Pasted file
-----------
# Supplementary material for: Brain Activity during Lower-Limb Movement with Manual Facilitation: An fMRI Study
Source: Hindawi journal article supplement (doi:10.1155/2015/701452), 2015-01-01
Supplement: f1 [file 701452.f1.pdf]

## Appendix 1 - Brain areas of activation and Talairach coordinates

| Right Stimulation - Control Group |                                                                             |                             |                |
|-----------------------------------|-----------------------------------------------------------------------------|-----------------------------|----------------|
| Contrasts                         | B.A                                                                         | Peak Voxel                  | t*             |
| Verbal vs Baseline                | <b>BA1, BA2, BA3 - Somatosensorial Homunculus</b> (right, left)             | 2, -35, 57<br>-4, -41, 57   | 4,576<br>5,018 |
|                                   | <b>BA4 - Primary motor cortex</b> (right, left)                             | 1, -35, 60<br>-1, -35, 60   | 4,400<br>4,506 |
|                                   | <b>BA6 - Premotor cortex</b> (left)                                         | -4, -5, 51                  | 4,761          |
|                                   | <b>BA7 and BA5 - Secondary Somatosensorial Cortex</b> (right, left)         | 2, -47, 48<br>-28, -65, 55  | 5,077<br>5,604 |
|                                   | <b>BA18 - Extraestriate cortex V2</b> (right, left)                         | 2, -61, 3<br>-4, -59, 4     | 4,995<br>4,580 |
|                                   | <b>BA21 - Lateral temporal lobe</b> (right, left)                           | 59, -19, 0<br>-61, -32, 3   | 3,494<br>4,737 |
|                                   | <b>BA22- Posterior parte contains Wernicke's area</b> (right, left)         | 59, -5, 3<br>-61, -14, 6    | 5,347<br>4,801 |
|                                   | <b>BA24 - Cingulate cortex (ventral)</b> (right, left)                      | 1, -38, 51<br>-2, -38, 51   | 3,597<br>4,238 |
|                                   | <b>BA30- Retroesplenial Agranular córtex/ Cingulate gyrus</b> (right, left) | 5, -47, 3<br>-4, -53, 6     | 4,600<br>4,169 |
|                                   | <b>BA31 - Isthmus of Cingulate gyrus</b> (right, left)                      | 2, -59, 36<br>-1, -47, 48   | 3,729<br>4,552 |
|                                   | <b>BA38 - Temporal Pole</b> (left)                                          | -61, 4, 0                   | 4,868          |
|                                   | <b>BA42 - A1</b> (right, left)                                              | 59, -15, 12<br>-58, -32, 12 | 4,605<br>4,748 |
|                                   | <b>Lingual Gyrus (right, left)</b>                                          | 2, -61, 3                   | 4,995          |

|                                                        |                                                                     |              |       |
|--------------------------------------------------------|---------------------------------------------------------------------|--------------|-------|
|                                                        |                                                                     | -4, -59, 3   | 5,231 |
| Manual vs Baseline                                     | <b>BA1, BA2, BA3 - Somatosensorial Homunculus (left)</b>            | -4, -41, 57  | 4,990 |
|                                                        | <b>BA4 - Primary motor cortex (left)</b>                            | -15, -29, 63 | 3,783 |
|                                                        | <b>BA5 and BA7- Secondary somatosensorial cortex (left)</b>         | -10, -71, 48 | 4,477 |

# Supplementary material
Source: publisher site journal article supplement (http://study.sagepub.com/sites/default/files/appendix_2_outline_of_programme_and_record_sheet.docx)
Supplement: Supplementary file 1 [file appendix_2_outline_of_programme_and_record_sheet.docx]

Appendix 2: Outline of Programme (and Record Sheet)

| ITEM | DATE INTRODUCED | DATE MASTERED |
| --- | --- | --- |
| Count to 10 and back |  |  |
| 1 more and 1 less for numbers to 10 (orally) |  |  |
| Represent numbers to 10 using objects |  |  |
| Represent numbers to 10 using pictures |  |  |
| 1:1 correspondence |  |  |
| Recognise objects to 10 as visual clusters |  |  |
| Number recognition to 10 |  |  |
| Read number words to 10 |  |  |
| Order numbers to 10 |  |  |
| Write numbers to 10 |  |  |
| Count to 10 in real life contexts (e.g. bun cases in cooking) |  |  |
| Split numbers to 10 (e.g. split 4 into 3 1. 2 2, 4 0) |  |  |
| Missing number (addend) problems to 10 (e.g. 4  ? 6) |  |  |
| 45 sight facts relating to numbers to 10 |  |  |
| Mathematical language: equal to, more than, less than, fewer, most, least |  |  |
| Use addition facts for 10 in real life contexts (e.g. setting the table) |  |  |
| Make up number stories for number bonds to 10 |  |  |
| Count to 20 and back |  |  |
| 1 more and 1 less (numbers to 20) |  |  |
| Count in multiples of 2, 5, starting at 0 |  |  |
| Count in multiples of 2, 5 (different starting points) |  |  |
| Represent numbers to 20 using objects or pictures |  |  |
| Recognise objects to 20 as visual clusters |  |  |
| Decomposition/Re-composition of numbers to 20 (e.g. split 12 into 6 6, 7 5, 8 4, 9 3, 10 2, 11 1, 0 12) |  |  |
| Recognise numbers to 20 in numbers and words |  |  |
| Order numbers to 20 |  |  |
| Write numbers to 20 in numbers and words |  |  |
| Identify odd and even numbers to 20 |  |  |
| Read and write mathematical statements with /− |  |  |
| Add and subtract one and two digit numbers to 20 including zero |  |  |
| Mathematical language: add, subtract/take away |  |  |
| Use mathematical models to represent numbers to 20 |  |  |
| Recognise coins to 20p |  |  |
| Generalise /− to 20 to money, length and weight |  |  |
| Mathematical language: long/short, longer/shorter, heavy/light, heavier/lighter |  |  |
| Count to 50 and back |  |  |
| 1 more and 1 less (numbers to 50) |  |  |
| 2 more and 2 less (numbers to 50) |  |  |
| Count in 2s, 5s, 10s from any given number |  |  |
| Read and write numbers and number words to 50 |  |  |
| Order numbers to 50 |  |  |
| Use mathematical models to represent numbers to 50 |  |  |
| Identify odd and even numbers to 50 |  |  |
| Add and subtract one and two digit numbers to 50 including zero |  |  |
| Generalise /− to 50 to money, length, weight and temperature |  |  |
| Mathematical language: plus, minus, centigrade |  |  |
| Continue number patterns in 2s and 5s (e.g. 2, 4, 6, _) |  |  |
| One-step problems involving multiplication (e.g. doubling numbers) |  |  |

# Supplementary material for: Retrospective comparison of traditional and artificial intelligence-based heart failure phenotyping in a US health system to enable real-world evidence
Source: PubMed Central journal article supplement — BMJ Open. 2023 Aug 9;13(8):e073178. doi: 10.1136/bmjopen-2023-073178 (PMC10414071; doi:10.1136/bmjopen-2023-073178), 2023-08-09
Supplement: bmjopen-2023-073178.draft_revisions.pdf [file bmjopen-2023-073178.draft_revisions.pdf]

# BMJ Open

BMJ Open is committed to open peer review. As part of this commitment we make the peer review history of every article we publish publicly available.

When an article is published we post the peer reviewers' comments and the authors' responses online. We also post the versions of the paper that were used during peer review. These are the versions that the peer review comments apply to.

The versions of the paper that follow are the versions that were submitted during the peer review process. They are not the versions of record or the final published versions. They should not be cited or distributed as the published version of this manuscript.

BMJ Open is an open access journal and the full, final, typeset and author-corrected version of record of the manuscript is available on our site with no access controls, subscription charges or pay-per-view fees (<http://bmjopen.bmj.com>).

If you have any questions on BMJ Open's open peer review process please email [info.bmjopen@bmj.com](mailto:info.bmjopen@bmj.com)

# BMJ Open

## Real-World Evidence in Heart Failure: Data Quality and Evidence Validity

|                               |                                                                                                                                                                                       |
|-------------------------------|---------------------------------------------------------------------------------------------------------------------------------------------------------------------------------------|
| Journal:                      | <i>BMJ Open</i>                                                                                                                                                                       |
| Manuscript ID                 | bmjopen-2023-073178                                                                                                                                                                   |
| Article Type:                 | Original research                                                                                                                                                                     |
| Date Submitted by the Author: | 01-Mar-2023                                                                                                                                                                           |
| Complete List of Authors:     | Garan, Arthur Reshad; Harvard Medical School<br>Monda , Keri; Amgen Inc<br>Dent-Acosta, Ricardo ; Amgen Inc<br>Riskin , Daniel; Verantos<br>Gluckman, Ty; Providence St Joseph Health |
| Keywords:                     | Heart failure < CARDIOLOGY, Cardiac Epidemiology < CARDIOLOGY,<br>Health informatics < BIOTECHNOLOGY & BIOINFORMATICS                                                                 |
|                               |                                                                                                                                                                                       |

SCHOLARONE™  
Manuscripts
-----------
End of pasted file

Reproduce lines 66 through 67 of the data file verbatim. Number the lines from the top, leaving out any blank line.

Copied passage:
| Generalise /− to 20 to money, length and weight |  |  |
| Mathematical language: long/short, longer/shorter, heavy/light, heavier/lighter |  |  |